Next door to a cleared site where neighborhood pushback shot down a relatively dense Edgewood housing proposal last year, a project described as an innovative approach to mobility-focused housing and land use has suffered no such fate.

Located a few blocks from a transformed MARTA station and the Edgewood Retail District, a pocket neighborhood called Finley Street Cottages has created a full community from what had been two 1920s Craftsman bungalows with large yards. (Both old homes were restored and added to the range of offerings here; one includes three original fireplaces.)    

Designed by Kronberg Urbanists + Architects and built by Fortis Homes, the “car-lite community” has begun leasing one to three-bedroom home options. Overall, it’s described as “preservation meets progress” by way of a “distinctive collection of homes for everyone,” where a common outdoor space, patios, and porches are designed to promote social interactions among neighbors.

The Edgewood location near a MARTA-connected mixed-use community and the Edgewood Retail District. Kronberg Urbanists + Architects

A communal space that serves as Finley Street Cottages' nucleus. Kronberg Urbanists + Architects

Eric Kronberg, the architecture firm’s founder, tells Urbanize Atlanta rental rates range from $1,600 to $3,000. Approximate sizes: from 550 square feet for one-bedrooms, 750 square feet for two-bedrooms, and three-bedroom homes up to 1,550 square feet. (Kronberg says rents will be discounted for residents who don’t have cars.)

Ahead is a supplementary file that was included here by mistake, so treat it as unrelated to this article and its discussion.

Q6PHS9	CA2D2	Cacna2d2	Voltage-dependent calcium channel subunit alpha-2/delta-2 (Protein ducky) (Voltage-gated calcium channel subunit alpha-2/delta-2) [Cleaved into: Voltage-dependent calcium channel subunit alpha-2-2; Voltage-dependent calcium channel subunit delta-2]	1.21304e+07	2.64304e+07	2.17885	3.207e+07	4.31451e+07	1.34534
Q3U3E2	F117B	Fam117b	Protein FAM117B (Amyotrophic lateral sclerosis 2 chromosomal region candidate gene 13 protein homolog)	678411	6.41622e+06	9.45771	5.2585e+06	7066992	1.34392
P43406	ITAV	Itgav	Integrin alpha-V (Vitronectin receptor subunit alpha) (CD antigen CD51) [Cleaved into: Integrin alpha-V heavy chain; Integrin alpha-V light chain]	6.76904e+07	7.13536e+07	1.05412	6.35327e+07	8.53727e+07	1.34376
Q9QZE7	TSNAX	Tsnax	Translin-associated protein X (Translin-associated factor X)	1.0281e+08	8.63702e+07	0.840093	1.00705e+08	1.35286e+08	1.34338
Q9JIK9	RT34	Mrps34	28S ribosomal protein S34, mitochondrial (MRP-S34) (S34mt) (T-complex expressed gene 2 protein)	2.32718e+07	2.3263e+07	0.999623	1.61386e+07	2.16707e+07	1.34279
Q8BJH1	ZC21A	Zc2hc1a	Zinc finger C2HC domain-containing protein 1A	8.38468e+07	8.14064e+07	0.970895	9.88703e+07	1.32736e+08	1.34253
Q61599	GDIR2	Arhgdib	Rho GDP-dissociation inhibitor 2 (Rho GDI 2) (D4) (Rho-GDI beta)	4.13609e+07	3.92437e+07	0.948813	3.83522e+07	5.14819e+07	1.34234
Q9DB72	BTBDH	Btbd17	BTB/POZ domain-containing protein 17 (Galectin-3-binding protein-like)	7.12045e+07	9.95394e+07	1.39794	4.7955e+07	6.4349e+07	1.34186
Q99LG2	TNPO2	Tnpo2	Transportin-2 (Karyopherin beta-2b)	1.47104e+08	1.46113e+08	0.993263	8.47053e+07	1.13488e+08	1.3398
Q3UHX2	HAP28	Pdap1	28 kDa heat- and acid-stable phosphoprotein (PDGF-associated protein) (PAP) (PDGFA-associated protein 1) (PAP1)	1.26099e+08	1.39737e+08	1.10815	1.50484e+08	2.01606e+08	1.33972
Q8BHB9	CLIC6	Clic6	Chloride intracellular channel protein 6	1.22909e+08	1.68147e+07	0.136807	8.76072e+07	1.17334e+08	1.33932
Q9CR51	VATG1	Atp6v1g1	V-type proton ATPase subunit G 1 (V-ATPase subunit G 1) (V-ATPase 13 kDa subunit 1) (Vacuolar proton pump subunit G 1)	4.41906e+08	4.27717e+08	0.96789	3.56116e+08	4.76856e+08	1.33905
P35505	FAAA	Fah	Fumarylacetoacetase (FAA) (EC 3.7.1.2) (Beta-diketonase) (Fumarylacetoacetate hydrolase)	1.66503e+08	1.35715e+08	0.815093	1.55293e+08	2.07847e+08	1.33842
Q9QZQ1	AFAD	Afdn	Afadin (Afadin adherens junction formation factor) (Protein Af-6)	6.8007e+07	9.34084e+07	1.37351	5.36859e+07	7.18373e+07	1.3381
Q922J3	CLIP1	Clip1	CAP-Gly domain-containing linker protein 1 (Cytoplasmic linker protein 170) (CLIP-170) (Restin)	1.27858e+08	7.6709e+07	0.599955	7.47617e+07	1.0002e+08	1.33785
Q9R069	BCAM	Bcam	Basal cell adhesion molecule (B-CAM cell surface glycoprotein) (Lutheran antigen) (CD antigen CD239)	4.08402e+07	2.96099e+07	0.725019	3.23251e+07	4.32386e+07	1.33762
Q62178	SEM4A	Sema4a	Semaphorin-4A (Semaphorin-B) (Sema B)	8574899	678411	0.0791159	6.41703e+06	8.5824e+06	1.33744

But the community’s location, layout, and amenities (see: gated “bike zones” with plug-ins for e-bikes) could save residents up to $14,700 per year on vehicle ownership, according to Kronberg’s tabulations.

All are also cheaper housing options than those at highly amenitized, newer apartment buildings on Atlanta’s eastside, per the architect.  

Kronberg considers the cottages a pilot project that shows what’s possible through incremental zoning reform—particularly modifications to parking requirements and accessory dwelling units.

“When talking about tradeoffs, we want to be expressly clear that we’re not saying everyone should make these choices to living smaller or car-lite,” Kronberg wrote in an email to Urbanize Atlanta. “We’re saying people should have options. If you value having a covered parking spot in a parking deck, a pool, and a fitness center, that’s great. If you don’t need or want these things, more attainable alternatives should be available.”   

Kronberg Urbanists + Architects

Find more context and a much closer look at this unique Edgewood community in the gallery above.


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